Manufacturing in the Philadelphia region unexpectedly weakened in the month of July as the Philly Fed report turned negative and missed expectations. While economists were forecasting a headline reading in the General Business Conditions Index of 4.5, the actual reading came in at -2.9, which was the lowest headline reading since January. Looking at the internals of the report, though, the picture was much less negative. As shown in the table to the right, the majority of components in the report were positive and showed improvement relative to June. New Orders, for example, saw a big jump, rising from -3.0 up to 11.8. The only three components that were negative this month were Inventories, Number of Employees, and Average Workweek, but even with the negative readings, all three showed improvement.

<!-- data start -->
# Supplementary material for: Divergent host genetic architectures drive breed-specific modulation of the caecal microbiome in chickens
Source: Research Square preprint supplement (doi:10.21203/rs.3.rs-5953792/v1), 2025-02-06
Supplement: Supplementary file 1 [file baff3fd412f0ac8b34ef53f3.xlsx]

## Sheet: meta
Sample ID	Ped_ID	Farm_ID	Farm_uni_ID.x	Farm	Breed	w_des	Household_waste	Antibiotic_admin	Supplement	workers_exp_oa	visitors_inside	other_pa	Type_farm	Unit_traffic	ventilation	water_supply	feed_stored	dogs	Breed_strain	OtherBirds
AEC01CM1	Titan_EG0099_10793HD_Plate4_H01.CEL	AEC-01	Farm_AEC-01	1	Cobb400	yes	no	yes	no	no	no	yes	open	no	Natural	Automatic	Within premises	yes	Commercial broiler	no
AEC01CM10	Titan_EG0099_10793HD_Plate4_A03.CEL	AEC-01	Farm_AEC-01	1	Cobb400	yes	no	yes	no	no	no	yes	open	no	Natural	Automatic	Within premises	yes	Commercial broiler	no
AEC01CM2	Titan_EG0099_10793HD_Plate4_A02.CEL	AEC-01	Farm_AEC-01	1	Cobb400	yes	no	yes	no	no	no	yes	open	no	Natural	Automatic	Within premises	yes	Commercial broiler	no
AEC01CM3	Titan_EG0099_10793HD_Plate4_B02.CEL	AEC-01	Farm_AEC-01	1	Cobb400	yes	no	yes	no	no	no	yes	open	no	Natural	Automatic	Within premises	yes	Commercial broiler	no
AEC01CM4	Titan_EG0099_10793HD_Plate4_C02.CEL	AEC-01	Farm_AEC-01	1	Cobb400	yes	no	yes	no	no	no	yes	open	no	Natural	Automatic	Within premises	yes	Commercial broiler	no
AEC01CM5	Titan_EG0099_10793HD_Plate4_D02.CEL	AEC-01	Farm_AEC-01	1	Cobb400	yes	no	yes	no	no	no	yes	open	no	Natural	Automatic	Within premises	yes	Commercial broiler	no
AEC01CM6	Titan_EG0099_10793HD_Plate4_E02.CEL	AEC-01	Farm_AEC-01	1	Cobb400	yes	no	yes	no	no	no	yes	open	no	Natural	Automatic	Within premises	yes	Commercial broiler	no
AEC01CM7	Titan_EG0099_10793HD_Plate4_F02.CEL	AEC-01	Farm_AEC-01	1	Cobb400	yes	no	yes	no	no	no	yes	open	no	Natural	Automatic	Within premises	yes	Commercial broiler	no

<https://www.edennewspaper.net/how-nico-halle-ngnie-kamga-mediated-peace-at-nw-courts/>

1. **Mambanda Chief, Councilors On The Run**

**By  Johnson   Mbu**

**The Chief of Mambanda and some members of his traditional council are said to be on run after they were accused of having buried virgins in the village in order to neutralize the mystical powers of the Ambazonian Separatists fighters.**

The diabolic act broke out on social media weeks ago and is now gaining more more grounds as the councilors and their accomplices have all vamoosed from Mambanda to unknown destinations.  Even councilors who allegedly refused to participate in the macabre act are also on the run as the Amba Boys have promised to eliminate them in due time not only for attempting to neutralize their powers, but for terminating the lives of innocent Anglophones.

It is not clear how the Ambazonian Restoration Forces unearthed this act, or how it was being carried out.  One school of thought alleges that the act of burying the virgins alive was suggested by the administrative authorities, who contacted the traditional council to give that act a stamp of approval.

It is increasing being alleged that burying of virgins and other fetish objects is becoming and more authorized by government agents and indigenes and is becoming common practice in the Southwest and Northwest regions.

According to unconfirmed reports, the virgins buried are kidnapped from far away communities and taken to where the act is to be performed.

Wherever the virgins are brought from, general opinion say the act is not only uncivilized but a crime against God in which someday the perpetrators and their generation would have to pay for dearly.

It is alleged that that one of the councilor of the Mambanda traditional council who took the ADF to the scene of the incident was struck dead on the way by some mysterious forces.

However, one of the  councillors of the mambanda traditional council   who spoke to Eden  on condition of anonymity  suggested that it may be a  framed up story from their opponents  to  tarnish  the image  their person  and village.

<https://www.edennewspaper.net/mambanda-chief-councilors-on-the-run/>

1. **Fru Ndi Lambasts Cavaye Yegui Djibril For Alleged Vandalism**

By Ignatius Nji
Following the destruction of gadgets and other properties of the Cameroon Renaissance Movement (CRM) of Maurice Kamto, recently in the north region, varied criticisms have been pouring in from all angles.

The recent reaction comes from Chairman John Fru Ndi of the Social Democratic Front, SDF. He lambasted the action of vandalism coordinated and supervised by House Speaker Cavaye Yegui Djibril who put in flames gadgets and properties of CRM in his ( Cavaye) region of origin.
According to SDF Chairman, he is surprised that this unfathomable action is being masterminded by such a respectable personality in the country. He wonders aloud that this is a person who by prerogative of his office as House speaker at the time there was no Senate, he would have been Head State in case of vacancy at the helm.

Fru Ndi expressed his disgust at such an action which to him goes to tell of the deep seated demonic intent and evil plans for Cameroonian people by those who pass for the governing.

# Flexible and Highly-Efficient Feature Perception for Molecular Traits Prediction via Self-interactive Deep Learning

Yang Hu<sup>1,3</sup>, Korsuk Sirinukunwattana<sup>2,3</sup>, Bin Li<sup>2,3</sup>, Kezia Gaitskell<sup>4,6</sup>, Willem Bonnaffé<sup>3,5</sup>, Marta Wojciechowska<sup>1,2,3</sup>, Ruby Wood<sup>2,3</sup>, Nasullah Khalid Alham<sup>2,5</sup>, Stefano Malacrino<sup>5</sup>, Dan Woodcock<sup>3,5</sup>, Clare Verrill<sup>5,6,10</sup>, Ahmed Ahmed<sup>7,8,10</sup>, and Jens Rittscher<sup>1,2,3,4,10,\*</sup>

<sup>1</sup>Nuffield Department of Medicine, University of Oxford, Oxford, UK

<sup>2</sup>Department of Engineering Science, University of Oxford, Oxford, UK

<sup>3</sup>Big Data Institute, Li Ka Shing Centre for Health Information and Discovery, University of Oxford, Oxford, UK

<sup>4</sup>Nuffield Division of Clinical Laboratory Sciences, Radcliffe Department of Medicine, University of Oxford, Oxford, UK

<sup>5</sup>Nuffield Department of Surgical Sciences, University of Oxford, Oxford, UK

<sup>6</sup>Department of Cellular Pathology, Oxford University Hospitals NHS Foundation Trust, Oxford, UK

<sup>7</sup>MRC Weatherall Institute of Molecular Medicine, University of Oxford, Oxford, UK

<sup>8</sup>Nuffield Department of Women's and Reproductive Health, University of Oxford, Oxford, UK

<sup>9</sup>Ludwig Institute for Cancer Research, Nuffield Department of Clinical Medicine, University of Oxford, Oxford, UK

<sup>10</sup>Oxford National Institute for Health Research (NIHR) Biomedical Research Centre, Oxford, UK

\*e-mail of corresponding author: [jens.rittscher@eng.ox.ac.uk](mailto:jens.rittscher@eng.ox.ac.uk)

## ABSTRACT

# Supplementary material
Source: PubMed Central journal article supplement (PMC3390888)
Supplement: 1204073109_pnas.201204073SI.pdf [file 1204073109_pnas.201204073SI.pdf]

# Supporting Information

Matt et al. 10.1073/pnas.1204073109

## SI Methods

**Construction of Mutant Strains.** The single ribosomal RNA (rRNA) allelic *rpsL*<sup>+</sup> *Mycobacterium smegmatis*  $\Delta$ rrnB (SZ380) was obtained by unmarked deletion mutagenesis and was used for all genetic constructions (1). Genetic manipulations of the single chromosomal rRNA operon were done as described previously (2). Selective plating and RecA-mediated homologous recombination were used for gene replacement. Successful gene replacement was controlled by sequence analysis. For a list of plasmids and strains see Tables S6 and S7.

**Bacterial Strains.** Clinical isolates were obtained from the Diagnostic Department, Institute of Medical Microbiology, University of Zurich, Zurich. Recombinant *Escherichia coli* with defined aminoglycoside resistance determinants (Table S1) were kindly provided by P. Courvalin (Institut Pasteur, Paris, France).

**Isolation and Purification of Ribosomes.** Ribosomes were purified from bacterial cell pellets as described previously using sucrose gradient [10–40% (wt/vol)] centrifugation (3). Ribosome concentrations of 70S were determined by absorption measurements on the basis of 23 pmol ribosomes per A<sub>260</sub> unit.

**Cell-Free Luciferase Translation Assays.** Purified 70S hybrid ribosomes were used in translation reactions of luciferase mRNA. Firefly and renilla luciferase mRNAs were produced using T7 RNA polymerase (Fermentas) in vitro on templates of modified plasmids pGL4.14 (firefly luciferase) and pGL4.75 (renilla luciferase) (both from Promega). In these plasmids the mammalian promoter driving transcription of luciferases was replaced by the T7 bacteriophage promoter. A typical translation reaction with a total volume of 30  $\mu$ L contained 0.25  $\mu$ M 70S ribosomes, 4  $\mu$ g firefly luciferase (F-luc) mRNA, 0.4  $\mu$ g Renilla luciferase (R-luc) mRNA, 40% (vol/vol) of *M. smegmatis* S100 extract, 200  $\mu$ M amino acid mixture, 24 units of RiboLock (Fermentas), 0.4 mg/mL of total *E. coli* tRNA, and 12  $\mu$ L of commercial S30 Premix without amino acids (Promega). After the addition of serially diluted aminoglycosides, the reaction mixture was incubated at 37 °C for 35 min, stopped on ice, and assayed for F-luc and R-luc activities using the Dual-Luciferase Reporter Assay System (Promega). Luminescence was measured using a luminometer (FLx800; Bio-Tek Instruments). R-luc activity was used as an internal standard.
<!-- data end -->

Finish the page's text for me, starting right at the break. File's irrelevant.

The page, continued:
One interesting aspect of this month's report was a special question that the Philadelphia Fed asked respondents about seasonal factors and how they impact their business. There have been numerous times in the past few years where we have seen economic reports that either beat or wildly miss consensus expectations, and the culprit often cited is that seasonal adjustments skewed the results. This month's special question suggests that seasonal factors may be less impactful to businesses than they have been in the past and would confirm that seasonal adjustments based on historical patterns may no longer be as applicable. As shown in the chart at right, when asked, "Have seasonal factors become more or less important for your business over time?", the percentage of businesses that said "more significant" dropped from 21% down to 13% while the percentage that said "less significant" increased from 24% up to 30%. This is just one data point in one region of the country, but it's something to think about.